My opinion: schedule a biopsy and get it done. Normally this is not urgent, but you results prove that it is manditory that you have one. There is no good reason to wait. 

    SSW is correct (as always): A digital exam does not "prove" anything if negative, same for a biopsy; it is just too easy for them to miss small tumors.  No level of PSA "pproves" prostate cancer, but high PSA does tell a doctor that the cause must be determined. 

    A clearly positive biopsy does prove that it is time to get to work, and will give you lots of useful information. There are numerous PCa initial treatments, if you end up needing one, but choosing one takes research and reading, and virtually never needs to be rushed in to.




  • hopeful and optimistic
    hopeful and optimistic Member Posts: 2,339 Member

    As I understand, you have never had a DRE. I am surprised since this test is recommended to screen for PCa. Generally 15%of prostate cancers are detected by this test. if this is so, I feel that your doc has been negligent. 

    As Swing mentioned PSA can rise due to a variety of reasons, to include but not limited to a urinary infection.

    At the Sloan Kettering site, you can measure the rate of change of your PSA's. 

    There is a test, called a PCA3 that you may wish to obtain, which basically is a urine indicator, for prostate cancer...

    At the point, I suggest you do some research about something  called "Gleason Score". The Gleason score indicates the aggressiveness of prostate cancer, if any found in a biopsy. Just in case, know what this is for a possible discussion.

    You did not mention your age. Basically the older one is, the more like to be diagnosed with prostate cancer.....the majority of these cancers are indolent, meaning not likely to at this point, do not be nervous, but keep on doing research as you are. There are local support groups that you can attend for knowledge. USTOO is an organization that you can google that supports and lists local support groups...there may be one near you.

  • Clevelandguy
    Clevelandguy Member Posts: 1,039 Member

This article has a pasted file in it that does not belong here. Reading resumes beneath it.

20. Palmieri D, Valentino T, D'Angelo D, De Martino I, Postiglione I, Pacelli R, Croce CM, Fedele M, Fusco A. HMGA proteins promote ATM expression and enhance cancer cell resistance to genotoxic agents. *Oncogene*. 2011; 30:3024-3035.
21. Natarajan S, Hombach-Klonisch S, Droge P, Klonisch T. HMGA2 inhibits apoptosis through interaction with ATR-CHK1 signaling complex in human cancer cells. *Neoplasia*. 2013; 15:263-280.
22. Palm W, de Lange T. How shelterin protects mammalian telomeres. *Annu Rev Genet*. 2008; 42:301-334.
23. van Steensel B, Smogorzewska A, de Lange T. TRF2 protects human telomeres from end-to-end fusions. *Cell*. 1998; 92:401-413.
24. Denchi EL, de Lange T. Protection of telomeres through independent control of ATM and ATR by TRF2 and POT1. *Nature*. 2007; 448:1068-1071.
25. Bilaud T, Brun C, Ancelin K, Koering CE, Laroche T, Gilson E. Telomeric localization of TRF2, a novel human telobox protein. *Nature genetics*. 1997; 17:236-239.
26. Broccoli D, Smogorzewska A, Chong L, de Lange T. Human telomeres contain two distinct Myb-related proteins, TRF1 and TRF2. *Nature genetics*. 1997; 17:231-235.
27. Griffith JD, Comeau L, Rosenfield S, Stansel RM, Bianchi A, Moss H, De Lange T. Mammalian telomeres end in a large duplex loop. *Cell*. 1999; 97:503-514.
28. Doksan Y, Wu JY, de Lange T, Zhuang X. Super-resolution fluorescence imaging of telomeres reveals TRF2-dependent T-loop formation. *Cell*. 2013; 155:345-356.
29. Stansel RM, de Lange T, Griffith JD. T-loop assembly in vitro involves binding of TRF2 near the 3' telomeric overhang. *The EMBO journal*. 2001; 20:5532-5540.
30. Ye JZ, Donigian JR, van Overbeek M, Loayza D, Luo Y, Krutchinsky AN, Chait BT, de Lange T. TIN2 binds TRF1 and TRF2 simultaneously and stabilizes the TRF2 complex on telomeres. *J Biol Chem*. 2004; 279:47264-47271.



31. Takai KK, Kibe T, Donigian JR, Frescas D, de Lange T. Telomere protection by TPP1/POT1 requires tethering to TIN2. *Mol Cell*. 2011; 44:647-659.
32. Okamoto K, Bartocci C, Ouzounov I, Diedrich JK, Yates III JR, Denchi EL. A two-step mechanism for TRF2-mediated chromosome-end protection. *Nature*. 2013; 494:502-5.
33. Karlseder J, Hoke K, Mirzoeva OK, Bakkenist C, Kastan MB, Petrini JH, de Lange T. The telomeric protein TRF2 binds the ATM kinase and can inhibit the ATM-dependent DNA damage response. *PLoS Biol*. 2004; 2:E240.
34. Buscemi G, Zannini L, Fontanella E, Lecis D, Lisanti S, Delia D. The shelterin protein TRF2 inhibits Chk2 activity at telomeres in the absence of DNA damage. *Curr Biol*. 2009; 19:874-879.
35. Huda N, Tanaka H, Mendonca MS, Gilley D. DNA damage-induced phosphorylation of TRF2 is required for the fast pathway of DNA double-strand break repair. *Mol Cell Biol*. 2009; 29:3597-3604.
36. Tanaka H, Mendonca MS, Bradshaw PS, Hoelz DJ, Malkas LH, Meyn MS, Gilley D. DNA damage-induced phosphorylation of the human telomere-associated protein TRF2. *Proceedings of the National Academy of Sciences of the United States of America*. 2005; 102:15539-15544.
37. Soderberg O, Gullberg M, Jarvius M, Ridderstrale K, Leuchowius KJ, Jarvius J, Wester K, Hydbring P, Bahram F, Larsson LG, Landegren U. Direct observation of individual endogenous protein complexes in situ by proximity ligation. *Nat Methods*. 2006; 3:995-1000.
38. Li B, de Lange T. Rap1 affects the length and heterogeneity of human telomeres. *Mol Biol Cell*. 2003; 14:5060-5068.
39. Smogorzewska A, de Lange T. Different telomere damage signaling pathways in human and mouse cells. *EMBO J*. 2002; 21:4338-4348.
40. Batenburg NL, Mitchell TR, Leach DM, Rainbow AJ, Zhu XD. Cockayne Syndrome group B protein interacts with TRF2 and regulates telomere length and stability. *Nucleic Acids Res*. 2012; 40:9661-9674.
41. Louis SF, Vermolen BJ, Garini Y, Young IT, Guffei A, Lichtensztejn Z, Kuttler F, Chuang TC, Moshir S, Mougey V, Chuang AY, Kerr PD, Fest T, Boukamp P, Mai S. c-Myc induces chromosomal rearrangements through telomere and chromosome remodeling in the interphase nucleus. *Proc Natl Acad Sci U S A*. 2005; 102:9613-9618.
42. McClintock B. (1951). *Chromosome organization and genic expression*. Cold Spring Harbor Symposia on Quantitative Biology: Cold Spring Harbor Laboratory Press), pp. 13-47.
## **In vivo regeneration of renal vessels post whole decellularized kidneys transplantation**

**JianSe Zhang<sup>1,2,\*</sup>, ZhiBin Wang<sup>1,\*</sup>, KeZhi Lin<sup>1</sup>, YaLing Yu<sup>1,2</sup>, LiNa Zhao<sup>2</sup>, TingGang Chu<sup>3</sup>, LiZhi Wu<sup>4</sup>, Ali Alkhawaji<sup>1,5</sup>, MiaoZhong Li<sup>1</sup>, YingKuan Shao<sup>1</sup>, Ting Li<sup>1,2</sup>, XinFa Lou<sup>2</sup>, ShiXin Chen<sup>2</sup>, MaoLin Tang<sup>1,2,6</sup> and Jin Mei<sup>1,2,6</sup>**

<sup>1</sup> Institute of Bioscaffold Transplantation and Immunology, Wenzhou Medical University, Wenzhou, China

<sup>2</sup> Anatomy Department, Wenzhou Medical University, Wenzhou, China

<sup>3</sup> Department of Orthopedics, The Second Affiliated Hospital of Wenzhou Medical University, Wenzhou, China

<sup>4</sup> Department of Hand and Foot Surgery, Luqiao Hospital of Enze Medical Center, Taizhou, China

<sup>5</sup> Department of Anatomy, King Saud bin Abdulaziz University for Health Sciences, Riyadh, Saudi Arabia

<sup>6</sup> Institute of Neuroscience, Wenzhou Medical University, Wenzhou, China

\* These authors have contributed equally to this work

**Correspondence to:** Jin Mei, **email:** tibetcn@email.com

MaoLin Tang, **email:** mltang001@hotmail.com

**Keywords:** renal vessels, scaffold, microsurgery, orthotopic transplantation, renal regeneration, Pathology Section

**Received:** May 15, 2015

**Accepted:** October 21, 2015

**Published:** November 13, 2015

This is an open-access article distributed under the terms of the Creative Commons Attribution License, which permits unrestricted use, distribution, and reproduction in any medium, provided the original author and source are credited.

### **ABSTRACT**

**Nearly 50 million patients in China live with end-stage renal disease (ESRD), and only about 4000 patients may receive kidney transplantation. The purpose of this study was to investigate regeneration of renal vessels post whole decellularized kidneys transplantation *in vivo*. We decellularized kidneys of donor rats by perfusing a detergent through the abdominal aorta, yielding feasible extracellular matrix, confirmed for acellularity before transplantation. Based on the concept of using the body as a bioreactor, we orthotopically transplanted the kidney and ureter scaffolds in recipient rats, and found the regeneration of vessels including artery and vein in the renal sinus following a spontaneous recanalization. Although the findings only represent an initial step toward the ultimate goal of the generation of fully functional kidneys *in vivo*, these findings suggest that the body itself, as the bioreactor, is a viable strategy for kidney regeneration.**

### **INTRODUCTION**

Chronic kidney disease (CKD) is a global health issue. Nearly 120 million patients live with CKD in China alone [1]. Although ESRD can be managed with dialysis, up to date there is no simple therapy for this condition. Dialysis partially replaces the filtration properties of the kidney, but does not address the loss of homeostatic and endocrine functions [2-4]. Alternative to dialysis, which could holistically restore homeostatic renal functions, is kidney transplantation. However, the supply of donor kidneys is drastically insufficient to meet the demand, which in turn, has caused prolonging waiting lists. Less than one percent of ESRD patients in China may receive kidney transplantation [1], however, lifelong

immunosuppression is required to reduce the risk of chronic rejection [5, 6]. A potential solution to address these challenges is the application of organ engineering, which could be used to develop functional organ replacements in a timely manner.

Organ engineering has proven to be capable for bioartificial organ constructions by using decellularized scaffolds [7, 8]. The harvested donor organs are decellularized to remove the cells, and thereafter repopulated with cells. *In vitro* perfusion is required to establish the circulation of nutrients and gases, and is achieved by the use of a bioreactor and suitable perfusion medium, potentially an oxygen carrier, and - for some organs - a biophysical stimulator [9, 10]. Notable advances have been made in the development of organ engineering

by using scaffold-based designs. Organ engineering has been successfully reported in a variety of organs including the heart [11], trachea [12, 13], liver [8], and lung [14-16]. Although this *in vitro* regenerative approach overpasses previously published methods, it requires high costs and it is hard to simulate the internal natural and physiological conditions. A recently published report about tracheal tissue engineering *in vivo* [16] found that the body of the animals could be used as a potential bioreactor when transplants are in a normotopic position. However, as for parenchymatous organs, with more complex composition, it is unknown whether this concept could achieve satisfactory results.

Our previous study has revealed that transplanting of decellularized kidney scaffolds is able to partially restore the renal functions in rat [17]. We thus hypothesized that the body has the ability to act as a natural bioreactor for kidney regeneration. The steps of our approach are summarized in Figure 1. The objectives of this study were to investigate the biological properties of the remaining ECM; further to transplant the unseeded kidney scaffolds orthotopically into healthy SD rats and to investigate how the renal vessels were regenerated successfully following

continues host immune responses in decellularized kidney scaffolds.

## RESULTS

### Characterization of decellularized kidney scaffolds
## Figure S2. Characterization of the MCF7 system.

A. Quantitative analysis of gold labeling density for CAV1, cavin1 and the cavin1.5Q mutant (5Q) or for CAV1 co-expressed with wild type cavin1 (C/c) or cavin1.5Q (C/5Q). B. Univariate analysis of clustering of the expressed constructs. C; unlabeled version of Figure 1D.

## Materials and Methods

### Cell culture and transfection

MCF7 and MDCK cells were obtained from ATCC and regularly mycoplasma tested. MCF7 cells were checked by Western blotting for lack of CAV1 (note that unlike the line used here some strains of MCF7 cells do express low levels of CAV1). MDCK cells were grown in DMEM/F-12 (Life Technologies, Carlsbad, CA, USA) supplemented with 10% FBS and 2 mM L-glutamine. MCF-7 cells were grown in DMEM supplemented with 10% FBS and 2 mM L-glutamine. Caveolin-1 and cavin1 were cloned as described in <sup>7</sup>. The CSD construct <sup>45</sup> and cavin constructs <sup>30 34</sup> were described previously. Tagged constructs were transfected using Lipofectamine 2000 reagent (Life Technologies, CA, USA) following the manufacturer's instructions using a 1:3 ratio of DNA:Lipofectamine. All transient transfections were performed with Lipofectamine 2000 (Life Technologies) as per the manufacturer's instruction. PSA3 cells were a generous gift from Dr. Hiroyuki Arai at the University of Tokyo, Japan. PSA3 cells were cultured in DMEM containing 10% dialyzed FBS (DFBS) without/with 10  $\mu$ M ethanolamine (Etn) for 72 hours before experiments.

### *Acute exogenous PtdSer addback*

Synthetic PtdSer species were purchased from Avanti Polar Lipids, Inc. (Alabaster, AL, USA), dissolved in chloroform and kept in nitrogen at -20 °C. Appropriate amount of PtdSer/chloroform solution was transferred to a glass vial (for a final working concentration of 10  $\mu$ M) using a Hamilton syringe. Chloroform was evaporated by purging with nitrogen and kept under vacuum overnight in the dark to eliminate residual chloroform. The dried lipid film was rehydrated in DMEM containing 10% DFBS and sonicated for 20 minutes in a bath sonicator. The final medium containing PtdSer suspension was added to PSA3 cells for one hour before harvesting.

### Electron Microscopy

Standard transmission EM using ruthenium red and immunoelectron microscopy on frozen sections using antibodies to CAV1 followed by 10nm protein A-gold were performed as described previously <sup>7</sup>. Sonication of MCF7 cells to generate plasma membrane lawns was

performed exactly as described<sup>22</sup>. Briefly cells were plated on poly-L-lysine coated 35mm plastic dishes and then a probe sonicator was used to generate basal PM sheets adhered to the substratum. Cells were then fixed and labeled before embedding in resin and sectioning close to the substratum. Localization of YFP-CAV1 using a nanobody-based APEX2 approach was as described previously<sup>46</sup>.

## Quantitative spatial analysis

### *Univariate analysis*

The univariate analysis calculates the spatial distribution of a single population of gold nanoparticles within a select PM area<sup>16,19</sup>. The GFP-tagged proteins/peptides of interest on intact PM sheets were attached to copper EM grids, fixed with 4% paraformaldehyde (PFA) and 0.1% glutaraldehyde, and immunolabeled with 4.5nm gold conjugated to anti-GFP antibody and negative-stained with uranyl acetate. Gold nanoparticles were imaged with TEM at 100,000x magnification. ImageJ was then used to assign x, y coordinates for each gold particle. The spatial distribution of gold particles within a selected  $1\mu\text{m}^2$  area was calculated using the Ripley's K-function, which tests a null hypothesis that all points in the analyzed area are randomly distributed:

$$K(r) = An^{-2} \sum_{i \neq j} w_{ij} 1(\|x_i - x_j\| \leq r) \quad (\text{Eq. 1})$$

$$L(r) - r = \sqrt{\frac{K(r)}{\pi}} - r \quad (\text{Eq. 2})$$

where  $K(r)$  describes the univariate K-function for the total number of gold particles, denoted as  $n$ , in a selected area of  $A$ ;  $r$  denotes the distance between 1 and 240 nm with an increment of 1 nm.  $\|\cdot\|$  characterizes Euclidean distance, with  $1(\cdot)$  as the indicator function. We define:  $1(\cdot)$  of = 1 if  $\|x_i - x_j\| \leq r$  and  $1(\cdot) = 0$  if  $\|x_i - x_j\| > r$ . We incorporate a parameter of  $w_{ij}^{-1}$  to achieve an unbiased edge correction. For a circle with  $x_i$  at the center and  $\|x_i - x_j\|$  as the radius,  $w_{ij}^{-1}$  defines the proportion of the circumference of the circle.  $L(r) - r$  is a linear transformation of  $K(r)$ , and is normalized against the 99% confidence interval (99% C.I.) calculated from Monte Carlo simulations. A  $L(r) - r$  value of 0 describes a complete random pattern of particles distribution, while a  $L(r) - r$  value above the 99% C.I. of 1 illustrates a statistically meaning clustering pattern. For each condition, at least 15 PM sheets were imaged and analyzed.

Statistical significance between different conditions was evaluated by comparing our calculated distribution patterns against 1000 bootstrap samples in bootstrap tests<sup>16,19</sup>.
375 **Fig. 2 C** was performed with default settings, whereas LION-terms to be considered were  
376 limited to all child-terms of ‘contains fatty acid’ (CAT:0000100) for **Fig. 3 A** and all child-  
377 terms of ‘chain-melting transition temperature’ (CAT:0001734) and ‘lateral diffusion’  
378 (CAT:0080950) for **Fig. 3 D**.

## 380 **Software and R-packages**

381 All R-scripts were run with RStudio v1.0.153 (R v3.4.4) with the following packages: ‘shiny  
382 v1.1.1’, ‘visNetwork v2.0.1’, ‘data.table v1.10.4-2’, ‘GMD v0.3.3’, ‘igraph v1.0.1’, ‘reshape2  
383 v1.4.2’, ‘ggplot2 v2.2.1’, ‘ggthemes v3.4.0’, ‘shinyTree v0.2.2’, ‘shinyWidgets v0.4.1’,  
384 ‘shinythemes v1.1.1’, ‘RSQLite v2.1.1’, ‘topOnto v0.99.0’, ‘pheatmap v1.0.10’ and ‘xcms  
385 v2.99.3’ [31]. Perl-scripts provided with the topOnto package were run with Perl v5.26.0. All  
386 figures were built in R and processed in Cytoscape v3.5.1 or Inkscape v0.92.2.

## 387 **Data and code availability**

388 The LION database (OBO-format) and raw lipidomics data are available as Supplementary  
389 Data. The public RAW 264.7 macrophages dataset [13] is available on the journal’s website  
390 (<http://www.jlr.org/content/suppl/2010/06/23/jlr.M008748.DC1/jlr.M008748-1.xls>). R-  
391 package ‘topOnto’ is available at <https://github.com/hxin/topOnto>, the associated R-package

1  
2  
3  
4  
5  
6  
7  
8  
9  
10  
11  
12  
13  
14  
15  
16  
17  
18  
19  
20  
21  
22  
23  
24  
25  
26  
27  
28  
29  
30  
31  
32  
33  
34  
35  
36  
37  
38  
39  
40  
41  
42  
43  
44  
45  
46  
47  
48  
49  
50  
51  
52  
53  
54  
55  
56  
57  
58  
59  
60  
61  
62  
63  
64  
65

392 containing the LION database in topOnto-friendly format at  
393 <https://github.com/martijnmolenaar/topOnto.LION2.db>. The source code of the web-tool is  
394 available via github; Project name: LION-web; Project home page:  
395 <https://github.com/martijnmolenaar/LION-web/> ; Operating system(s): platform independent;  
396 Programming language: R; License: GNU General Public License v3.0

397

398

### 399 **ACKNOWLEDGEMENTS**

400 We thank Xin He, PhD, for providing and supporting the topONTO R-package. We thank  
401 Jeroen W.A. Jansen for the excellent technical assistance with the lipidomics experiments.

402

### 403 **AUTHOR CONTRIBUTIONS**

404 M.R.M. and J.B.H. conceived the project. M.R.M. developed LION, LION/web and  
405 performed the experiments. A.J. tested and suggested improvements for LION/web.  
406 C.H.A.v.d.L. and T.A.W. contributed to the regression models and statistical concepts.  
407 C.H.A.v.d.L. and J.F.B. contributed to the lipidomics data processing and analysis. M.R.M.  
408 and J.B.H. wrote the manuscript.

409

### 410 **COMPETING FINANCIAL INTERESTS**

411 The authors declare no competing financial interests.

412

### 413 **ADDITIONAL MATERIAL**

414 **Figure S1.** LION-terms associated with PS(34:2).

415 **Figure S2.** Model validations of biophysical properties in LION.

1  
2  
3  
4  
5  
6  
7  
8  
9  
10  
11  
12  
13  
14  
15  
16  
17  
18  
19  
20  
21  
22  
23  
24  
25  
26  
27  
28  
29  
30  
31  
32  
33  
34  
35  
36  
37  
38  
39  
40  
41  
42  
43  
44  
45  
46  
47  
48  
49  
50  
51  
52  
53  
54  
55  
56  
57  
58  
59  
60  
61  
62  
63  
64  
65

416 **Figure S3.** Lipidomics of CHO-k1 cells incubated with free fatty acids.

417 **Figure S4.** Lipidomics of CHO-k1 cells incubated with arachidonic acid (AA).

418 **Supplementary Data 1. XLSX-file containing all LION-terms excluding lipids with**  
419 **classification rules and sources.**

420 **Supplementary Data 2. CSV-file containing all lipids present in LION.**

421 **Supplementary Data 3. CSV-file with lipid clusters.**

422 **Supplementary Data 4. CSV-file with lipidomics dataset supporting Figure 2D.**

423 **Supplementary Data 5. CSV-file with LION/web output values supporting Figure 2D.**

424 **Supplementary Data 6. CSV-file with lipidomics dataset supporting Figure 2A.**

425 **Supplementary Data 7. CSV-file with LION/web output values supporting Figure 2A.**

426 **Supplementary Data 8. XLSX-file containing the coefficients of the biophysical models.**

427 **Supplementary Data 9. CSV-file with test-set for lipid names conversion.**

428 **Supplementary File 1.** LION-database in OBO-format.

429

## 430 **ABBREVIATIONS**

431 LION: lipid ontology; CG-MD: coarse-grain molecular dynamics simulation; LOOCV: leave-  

The biopsy will be the test as to wether you have cancer or not.  Even the biopsy can be hit or miss if they don't strike the cancer during the biopsy, might take a couple of biopsy's to find it.  Once you find out if it is cancer you can then start looking at treatments.  PSA alone cannot tell you if you have cancer, you will need other tests.  PSA is a good indicator that something is going on but it might not be cancer.

    My biposy was positive for cancer and I had my prostate removed with radiation as a back up if needed.  Plenty of time to decide which option you will need based on what the biopsy & doctors tell you.  The amount of treatments are staggering and they all have their ups & downs as far as side effects.  Good luck and let us know about future tests/procedures.

  • VascodaGama
    VascodaGama Member Posts: 3,668 Member
    Screening markers


    Welcome to the board.

    As you comment, you have not been diagnosed with cancer yet. All data shared by you relate to probabilities. The MRI findings and the increasing high PSA are of concern and you should try identifying their means. The best is to get a DRE and a biopsy which should include needles directed to the nodule(s). In the DRE the doctor will try to identify extruding bumps on the prostate surface or hard regions in the capsule. The biopsy is then done (which should include the results from DRE and MRI) with local anaesthesia in a simple performance. The pathologist will check the samples under the microscope and then report his findings including the aggressivity and type of cancer, if any. Based on the details your doctor will estimate your clinical stage, from which you can then find your options.

    The markers used by your doctor (PSA, fPSA and proPSA or PHI) are important in the overall screening for cancer but do not diagnose cancer. They are tools that may avoid biopsy in cases of certified hyperplasia (BPH patients). Some guys may have significant numbers due to benign hyperplasia but some with low levels are found with aggressive types of cancer (PCa). The biopsy will provide you an answer and, most probably, peace of mind.

    Best of lucks for a negative to cancer result.